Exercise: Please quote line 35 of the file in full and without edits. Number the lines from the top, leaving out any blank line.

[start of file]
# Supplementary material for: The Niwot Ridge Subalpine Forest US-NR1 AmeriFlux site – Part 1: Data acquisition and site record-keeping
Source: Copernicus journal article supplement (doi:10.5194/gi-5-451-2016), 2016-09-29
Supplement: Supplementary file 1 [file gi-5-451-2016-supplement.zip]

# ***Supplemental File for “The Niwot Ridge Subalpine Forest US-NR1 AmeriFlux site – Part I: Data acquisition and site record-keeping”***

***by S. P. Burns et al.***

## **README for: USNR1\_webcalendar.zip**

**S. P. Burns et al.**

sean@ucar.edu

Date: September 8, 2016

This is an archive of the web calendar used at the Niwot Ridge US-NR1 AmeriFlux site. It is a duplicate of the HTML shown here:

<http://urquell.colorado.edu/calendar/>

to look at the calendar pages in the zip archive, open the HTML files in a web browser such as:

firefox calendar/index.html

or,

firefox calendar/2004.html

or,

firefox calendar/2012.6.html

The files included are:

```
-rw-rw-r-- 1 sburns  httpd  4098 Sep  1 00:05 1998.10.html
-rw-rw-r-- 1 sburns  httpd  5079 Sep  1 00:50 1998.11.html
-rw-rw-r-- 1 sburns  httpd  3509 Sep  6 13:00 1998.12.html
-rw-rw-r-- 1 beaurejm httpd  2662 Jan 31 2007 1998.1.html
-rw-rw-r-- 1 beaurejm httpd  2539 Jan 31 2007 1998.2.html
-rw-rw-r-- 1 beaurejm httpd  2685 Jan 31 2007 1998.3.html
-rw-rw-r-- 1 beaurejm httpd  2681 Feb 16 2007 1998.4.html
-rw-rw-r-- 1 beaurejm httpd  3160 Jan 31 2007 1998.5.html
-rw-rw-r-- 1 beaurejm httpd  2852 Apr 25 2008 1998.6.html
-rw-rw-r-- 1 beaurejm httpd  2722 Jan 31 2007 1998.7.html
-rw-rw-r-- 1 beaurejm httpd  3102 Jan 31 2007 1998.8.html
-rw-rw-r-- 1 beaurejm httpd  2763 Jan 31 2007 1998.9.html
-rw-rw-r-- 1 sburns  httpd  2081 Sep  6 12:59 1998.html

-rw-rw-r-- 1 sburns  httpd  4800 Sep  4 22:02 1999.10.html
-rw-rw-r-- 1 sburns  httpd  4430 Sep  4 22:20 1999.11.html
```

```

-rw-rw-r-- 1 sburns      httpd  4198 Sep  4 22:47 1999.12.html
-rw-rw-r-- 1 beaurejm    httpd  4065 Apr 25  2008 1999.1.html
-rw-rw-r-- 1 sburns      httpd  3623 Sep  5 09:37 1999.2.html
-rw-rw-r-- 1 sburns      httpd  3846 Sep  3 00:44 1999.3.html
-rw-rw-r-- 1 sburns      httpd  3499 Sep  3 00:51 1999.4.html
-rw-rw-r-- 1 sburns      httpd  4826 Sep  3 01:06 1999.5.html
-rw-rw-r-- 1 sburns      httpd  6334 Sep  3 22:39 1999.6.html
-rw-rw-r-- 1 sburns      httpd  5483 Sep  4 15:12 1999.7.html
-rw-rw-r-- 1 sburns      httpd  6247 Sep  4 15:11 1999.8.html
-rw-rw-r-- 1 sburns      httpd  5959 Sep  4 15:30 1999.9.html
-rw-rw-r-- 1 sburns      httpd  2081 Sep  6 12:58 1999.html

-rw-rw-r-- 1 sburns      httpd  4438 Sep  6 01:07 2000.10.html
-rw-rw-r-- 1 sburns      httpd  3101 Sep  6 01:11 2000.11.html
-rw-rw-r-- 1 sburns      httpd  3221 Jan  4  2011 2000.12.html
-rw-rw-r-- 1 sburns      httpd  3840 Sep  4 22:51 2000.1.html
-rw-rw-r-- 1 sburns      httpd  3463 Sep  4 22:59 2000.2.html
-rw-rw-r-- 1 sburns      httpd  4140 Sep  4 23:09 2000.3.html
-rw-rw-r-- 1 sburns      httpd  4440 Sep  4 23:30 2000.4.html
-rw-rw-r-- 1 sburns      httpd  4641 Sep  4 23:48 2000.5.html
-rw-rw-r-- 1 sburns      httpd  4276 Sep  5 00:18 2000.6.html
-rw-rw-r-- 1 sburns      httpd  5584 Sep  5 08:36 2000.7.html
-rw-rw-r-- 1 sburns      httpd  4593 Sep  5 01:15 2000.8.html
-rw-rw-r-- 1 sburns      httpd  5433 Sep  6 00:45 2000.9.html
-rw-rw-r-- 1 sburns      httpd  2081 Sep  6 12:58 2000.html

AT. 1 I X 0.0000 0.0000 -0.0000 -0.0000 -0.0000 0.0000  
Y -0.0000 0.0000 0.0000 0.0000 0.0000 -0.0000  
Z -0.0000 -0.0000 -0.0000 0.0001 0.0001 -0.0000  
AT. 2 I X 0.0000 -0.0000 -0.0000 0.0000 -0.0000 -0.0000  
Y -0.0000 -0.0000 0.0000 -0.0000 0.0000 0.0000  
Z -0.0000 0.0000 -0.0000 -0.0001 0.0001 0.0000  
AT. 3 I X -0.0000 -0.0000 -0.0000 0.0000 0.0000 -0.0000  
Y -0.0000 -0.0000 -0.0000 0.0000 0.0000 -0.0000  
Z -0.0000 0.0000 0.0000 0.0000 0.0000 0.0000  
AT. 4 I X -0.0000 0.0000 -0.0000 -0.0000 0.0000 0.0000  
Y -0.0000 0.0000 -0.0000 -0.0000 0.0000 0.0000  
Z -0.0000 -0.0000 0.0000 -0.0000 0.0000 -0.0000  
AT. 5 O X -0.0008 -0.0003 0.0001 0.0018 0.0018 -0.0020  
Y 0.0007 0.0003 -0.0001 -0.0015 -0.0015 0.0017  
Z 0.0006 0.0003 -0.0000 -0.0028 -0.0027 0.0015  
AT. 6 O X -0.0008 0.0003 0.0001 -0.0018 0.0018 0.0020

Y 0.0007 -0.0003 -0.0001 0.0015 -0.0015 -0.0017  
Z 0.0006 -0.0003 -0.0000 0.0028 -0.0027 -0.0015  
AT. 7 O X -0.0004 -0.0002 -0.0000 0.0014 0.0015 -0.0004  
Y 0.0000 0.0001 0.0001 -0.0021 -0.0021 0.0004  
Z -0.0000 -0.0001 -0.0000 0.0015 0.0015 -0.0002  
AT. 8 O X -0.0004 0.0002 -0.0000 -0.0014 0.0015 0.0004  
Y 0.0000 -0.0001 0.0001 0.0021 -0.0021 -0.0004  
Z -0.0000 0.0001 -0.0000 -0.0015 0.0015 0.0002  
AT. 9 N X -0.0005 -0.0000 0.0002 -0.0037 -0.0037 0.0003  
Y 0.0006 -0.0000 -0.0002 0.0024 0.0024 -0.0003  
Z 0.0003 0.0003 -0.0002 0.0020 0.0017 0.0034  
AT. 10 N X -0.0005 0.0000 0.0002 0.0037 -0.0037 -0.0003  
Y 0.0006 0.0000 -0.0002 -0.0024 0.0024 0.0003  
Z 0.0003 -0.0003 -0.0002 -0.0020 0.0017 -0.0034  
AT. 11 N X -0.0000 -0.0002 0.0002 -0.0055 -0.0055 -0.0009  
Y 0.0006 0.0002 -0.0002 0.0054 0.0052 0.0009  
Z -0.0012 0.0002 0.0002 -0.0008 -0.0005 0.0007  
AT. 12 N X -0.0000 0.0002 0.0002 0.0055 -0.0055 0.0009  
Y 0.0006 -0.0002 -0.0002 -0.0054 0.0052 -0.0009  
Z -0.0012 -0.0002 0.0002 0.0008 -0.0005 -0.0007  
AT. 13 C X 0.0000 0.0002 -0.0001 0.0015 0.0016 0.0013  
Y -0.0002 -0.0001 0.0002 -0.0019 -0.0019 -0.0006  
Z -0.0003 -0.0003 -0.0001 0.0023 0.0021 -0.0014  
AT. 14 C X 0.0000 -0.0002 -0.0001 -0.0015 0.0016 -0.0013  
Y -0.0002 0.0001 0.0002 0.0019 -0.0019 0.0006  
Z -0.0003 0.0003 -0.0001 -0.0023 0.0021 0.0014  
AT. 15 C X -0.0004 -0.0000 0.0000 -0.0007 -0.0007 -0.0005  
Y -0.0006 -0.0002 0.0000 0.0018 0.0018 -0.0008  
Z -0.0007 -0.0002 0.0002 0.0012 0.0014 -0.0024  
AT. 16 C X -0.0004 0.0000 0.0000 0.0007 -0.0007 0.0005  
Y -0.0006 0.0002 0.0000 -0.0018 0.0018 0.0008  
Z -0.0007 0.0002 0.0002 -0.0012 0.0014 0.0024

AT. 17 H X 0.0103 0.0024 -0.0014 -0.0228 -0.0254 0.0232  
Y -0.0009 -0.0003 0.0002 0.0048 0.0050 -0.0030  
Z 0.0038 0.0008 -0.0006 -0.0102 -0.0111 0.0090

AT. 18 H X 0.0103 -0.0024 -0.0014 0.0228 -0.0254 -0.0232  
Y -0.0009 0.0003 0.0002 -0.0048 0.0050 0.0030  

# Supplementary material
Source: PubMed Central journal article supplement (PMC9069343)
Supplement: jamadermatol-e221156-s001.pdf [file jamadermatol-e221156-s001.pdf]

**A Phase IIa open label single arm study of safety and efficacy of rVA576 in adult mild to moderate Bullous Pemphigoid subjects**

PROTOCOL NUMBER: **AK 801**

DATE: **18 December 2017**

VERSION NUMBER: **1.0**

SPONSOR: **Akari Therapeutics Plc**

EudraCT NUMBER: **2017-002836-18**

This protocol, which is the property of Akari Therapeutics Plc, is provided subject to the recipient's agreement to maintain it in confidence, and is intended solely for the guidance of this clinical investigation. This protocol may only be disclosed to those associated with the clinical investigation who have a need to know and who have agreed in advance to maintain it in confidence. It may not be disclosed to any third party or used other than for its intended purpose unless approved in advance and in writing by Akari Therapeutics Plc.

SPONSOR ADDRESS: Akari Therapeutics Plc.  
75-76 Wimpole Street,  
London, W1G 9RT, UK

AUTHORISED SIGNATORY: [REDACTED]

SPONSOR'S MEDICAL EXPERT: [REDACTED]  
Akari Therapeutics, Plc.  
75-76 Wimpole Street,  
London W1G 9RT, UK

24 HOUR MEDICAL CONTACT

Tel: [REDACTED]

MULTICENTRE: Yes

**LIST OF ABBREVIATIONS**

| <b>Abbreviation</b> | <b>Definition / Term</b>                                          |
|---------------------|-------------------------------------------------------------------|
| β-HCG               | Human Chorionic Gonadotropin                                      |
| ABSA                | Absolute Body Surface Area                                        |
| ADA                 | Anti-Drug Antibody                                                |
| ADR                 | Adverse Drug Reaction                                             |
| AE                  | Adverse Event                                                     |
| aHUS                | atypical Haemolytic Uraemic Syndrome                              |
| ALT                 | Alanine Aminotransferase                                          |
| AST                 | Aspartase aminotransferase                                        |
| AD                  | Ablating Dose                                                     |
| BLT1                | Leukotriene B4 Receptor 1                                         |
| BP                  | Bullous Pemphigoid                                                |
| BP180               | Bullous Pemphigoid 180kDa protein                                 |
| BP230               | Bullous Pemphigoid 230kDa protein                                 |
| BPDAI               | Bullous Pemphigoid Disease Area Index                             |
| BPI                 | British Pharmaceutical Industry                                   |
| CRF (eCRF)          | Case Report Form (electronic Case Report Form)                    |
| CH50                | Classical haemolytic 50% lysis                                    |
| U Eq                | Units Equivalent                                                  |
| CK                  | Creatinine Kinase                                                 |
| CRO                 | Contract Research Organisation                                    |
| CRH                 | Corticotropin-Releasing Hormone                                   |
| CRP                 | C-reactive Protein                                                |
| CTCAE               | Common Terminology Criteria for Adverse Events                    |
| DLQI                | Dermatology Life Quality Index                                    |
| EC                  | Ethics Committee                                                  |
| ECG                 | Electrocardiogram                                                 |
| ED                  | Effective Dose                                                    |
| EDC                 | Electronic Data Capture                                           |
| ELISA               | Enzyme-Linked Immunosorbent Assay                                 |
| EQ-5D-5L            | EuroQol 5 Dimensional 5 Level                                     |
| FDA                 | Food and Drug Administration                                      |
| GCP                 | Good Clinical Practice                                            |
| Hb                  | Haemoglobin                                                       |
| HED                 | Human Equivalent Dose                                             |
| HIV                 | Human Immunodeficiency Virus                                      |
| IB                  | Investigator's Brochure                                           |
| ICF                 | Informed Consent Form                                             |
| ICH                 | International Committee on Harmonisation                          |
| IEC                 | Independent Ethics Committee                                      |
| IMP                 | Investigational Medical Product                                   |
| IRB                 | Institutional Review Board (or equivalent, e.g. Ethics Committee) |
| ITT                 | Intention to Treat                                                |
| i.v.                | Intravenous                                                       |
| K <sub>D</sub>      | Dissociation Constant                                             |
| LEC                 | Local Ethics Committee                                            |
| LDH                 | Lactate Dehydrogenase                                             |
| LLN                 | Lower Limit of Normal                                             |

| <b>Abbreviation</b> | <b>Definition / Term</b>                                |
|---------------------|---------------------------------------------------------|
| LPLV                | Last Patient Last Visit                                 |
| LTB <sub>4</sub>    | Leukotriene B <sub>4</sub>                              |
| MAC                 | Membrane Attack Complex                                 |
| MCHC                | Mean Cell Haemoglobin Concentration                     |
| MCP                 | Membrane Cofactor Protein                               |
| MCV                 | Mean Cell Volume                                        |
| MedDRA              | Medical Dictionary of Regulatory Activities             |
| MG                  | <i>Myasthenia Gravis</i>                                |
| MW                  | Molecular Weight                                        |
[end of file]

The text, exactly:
```